Axe falls on Mizuho execs after spate of system glitches

The Yomiuri Shimbun
Tatsufumi Sakai, president of Mizuho Financial Group, Inc., left, and Koji Fujiwara, president of Mizuho Bank, bow at a press conference in Chiyoda Ward, Tokyo, on Friday.

Mizuho Financial Group Inc. President Tatsufumi Sakai and Koji Fujiwara, the president of its banking unit, will stand down on April 1 to take responsibility for a series of system failures at the bank, the group announced Friday.

Mizuho Financial Group Chairman Yasuhiro Sato will also stand down on April 1 and leave the board of directors in June.

Mizuho Bank Deputy President Masahiko Kato will replace Fujiwara on April 1. Sakai’s successor is yet to be selected. The group chairman post is not expected to be immediately filled after Sato steps down.

Sakai apologized for the repeated system glitches at a press conference in Tokyo on Friday.

“As a financial institution that plays a role in social infrastructure, we let a series of system failures occur in a short period of time and were unable to fulfill our role fully,” Sakai said. “We take this very seriously and regret it.”

In February and March this year, Mizuho Bank experienced four system failures in succession, causing problems with automated teller machines, remittances in foreign currencies and other services.

In June, the company took measures to prevent a recurrence but they were not sufficient: four more system glitches occurred in August and September, which involved system stoppages at the bank’s branches.

The Financial Services Agency criticized Mizuho over system failures that have undermined public confidence in Japan’s financial settlement system. The watchdog ordered Mizuho to submit a business improvement plan by Jan. 17 next year, which will include thorough measures to prevent similar failures and drastic reform of its corporate culture. It also asked Mizuho to report on the implementation of the plan every three months from next April.

Numerous missteps

In the business improvement order issued Friday, the FSA highlighted major problems in Mizuho’s corporate governance. The agency found that Mizuho Bank’s leadership had disregarded expertise and taken the risk of system failures lightly.

The FSA’s inspection of Mizuho lasted from March to November this year.

The agency identified the management system and organizational culture as a chief problem when Mizuho was investigating the cause of each system failure.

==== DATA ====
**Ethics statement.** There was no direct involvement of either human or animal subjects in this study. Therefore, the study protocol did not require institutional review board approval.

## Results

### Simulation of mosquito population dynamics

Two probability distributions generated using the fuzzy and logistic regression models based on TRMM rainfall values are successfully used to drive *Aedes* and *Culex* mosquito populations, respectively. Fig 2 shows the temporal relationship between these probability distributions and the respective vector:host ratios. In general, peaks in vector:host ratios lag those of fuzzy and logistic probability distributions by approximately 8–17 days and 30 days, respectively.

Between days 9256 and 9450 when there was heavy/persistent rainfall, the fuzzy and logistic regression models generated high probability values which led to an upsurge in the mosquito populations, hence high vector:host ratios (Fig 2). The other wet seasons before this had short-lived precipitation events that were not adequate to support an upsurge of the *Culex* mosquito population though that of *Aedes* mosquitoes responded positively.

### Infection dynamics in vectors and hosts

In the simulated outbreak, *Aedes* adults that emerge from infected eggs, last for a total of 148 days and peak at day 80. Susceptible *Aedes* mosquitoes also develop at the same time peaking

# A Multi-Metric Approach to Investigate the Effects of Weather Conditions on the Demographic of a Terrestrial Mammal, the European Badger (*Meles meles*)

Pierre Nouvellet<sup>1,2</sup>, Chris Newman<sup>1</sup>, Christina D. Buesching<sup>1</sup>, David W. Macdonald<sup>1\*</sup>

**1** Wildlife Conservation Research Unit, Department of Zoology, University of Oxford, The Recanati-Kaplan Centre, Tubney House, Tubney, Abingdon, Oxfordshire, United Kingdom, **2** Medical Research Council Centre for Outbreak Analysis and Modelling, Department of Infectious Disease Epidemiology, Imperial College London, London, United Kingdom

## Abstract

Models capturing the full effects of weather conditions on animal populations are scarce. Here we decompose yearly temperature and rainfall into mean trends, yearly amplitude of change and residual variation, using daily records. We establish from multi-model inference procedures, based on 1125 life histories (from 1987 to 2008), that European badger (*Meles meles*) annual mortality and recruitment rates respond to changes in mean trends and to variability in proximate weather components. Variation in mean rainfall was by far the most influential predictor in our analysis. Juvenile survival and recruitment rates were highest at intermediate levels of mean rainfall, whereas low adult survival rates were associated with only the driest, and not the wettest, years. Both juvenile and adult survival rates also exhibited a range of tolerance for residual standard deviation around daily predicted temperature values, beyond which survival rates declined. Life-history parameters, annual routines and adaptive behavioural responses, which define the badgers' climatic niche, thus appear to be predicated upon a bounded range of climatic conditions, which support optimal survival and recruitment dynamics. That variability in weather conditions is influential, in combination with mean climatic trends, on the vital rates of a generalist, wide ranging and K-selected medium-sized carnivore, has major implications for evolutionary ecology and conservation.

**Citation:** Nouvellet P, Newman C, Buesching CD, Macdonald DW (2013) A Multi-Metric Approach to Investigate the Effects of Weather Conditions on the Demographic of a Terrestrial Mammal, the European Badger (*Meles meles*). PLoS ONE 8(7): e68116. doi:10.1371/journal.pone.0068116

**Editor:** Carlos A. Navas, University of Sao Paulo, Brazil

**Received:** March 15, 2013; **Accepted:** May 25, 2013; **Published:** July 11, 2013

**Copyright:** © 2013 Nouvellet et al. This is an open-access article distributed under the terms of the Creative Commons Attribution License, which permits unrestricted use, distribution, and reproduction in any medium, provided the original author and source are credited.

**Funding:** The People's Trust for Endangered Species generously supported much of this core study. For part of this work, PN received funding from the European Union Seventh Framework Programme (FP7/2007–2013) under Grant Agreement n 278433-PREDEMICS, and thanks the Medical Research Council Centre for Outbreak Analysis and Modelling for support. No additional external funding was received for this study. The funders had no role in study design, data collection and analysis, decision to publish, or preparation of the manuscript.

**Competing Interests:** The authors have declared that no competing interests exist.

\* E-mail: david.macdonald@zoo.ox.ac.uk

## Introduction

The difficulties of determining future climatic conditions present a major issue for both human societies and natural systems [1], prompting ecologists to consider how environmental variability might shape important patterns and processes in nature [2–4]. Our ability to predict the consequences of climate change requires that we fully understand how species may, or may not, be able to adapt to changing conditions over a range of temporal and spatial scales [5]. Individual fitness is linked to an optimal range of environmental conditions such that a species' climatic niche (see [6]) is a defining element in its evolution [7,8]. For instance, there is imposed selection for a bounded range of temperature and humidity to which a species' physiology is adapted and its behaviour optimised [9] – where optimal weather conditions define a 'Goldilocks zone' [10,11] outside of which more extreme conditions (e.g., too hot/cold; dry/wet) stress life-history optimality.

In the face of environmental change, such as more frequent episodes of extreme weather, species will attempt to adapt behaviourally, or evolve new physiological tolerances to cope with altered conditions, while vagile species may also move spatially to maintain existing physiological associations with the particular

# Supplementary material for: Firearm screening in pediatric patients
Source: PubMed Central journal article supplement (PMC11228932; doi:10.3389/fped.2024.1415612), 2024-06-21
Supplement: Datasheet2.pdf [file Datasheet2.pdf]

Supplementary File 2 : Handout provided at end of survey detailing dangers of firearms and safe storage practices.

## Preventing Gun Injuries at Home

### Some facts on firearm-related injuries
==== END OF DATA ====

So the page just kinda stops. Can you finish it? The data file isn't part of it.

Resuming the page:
The FSA focused on a number of missteps taken by the top executives, including a decision to reduce the number of relevant personnel by 60% around the time the bank’s core system went into full operation in 2019; slow responses to the system failures; and missing warning signs before the failures.

“Restructuring, which involved reallocating personnel and cutting maintenance and management costs, was carried out without thoroughly considering the measures needed to minimize damage in the event of an emergency,” a senior FSA official said.

The FSA also pointed out that the board of directors did not sufficiently deliberate on the actual state of operations.

Six of Mizuho’s 13 directors are from outside the company, and members of its committee to nominate top executives are all outsiders. Mizuho appears to be a “model of corporate governance,” which is open to outside checks, but the FSA said the reality was not so.

Sakai expressed his intention to resign at a board meeting this month, having sensed the FSA’s concern about Mizuho’s corporate governance.

His resignation also decided the fates of Fujiwara and Sato, who has led the financial group for more than a decade.

Members of the group’s board of directors, Mizuho’s highest decision-making body, were mostly negative about the resignation of the top executives despite the series of system failures.

Sakai’s leadership had been highly evaluated as the group is expected to recover its annual profit to the ¥500 billion range in the fiscal year ending March 2022,

However, the FSA’s harsh assessment of Mizuho’s leadership made Sakai’s position untenable.